Even among Asian art scholars, no one today wishing to study Night Entertainment can enjoy Emperor Li Yu's exclusive vantage point, save for the Palace Museum curators. Visitors crowd around the painting's glass case, where it lies fully extended, roughly a foot wide and 11 feet long. Yet such handscrolls, says Wu, were "extreme-ly private--created for one viewer." The format, he argues, is intrinsic to both the voyeuristic tone and visual narrative of Night Entertainment. Viewed as intended, only a small section is exposed at a time, and "this physical handling coincides with the sense of a real journey"--from a detailed, formal party to an ambiguous, intimate scene. Three images of screens punctuate the painting's story, explains Wu, "regulating" the viewer's gaze by functioning much like actual screens: They define a space--a section of the narrative--while obscuring what lies beyond.

Another aspect of screens--illusionism--is foremost in the book's title work. Zhou Wenju's The Double Screen (which also exists only in later copies) depicts a gentleman and his male guests playing a Chinese form of chess while seated before a large, freestanding screen. The screen bears a domestic scene of similar geometry: A man, perhaps the same host, lies on a couch while several women attend to him and prepare his bed. A second screen portraying a landscape stands behind this interior group, cleverly positioned and scaled, Wu notes, to appear both as "real" people located in an inner room of the same house as the chess players and as painted figures that flank the men. Historical commentaries note that the original of

The Double Screen (painted on silk) was mounted on a freestanding screen, no doubt belonging to a man like the host depicted.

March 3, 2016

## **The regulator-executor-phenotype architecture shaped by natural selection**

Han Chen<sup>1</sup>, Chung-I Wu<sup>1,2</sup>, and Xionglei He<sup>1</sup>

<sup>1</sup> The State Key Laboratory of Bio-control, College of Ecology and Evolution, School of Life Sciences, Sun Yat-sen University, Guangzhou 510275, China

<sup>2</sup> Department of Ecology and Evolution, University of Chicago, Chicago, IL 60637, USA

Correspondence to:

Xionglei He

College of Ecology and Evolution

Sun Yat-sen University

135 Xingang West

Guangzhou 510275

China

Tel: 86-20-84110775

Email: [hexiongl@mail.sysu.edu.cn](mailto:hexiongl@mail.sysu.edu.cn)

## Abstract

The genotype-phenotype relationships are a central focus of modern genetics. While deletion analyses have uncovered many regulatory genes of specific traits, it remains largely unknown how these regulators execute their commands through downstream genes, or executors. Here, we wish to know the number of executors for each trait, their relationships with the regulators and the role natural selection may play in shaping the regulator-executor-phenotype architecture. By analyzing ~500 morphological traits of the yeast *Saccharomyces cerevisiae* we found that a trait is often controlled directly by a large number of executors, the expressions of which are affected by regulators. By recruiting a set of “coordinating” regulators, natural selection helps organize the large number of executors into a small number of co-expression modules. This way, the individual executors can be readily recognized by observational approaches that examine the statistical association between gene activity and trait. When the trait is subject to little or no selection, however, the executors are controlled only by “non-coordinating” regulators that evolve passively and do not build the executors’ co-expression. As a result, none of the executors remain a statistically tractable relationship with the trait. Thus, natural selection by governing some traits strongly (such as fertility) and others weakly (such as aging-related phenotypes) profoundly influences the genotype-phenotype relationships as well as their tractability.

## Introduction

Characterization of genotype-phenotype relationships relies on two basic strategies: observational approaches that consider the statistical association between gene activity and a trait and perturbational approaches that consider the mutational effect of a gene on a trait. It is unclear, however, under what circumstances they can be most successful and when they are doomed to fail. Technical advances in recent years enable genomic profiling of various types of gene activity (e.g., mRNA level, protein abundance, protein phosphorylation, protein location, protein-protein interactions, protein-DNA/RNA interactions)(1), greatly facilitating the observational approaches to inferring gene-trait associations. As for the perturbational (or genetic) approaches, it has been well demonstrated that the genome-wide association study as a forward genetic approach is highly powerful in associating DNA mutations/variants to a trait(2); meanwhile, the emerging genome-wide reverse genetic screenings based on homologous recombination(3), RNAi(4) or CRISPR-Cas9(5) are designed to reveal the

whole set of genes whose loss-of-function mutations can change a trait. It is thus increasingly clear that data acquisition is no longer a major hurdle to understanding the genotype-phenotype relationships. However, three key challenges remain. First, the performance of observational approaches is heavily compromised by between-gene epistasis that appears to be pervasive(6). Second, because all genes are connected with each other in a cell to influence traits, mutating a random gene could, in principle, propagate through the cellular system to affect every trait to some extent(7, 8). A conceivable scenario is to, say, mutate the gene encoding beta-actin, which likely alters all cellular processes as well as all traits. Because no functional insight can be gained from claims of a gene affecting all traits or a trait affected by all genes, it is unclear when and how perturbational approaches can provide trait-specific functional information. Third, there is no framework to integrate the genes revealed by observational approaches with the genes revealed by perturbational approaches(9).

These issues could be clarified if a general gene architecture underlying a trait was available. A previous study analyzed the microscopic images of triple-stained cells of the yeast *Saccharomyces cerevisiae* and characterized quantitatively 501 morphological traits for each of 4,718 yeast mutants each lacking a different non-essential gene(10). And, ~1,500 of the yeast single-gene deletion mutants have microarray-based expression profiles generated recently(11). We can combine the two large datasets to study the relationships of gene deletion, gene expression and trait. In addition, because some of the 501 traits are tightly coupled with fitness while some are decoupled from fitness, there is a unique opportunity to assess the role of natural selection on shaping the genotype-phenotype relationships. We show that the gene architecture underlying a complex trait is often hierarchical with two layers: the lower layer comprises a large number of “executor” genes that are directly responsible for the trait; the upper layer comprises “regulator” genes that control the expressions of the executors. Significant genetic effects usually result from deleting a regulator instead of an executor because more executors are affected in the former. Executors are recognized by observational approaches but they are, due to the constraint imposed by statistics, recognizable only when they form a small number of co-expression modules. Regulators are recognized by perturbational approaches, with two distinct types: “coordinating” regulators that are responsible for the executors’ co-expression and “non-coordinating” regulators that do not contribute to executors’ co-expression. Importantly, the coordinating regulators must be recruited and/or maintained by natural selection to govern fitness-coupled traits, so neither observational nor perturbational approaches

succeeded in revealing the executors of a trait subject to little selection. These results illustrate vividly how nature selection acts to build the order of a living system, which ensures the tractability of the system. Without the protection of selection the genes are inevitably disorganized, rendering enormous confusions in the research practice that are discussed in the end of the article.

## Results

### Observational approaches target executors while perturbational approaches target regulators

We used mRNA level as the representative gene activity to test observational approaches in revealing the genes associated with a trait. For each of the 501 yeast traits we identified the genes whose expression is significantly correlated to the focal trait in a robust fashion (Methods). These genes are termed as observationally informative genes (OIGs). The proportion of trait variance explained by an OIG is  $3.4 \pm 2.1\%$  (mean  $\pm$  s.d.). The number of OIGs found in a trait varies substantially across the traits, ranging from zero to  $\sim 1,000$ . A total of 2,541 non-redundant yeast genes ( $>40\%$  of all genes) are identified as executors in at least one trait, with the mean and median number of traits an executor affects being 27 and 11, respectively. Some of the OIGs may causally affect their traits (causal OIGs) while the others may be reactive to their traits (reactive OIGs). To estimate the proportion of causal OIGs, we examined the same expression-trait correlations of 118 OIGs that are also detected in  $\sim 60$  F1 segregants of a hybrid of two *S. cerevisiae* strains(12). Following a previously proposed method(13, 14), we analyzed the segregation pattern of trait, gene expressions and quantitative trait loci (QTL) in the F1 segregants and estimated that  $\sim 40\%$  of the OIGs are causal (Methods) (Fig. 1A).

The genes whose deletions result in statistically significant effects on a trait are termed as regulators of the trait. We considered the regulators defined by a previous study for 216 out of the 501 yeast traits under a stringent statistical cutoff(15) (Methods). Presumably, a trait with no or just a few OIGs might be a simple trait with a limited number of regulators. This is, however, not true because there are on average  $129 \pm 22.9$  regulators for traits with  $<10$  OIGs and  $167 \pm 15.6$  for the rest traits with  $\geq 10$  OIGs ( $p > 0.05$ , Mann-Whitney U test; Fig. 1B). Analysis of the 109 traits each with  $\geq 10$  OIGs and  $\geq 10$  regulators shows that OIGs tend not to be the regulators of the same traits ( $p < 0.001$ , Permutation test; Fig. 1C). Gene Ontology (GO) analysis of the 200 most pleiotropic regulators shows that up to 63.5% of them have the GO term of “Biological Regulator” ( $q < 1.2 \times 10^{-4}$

Such visual tricks, writes Wu, establish the hierarchy of the host's two worlds, one public and male, one private and female. The images of nature in the landscape scene, a hallmark of the "literati" culture of scholar-officials, symbolize a third realm-"the inner spiritual world of a refined gentleman." Over the next 400 years, the literati's huge influence transformed this hierarchy, as the notion of an intellectual communing with nature went, he says, from alternative culture to "high fashion, influencing everything-art, dress, and self-image." Thus a Yuan dynasty (1280-1368) work by Liu Guandao, Whiling away the Summer, reverses The Double Screen's composition, placing in the foreground a man relaxing in his garden--a must-have architectural element in the aristocratic home of that era--and relegating to the middle screen a scene in which servants prepare the man's ink and paper for the day's business.

Wu's book is dense with such connections: between painted images and their architectural settings; between material culture and art history; and among landscapes, still-lifes, and portraiture. The attempt to "break the boundaries" in scholarship reflects his diverse interests--he's completing a book on Beijing's transformation under communism, "from ancient city to socialist symbol." By using the screen to "cut the history from a different angle," his approach also departs from that of colleagues in Beijing, he says, where scholars typically write on one artist or one painting within rigid historical categories, such as landscape artists or literati painters. Nor does Wu emphasize brushwork. Although it is a foundation of Chinese art, he says, it's at best an abstraction to readers unschooled in calligraphy. Instead, he writes about Chinese art in the more familiar Western language of composition, space, and media.

"I'm trying to add a new way of talking about Chinese painting," says Wu Hung. At least for him, he adds, "it just seems richer." And better able, he hopes, to explain the visual logic of a 10th-century Chinese artist to a modern Western reader who needn't be scared after all.--Written by Andrew Campbell

A little night music: In the opening section of Night Entertainment of Han Xizai, the host--with a beard and tall hat--sits on a dias as he and his guests listen to a girl playing a pipa-guitar. The screen behind her separates this section from the second. (Palace Musuem, courtesy of Wu Hung.)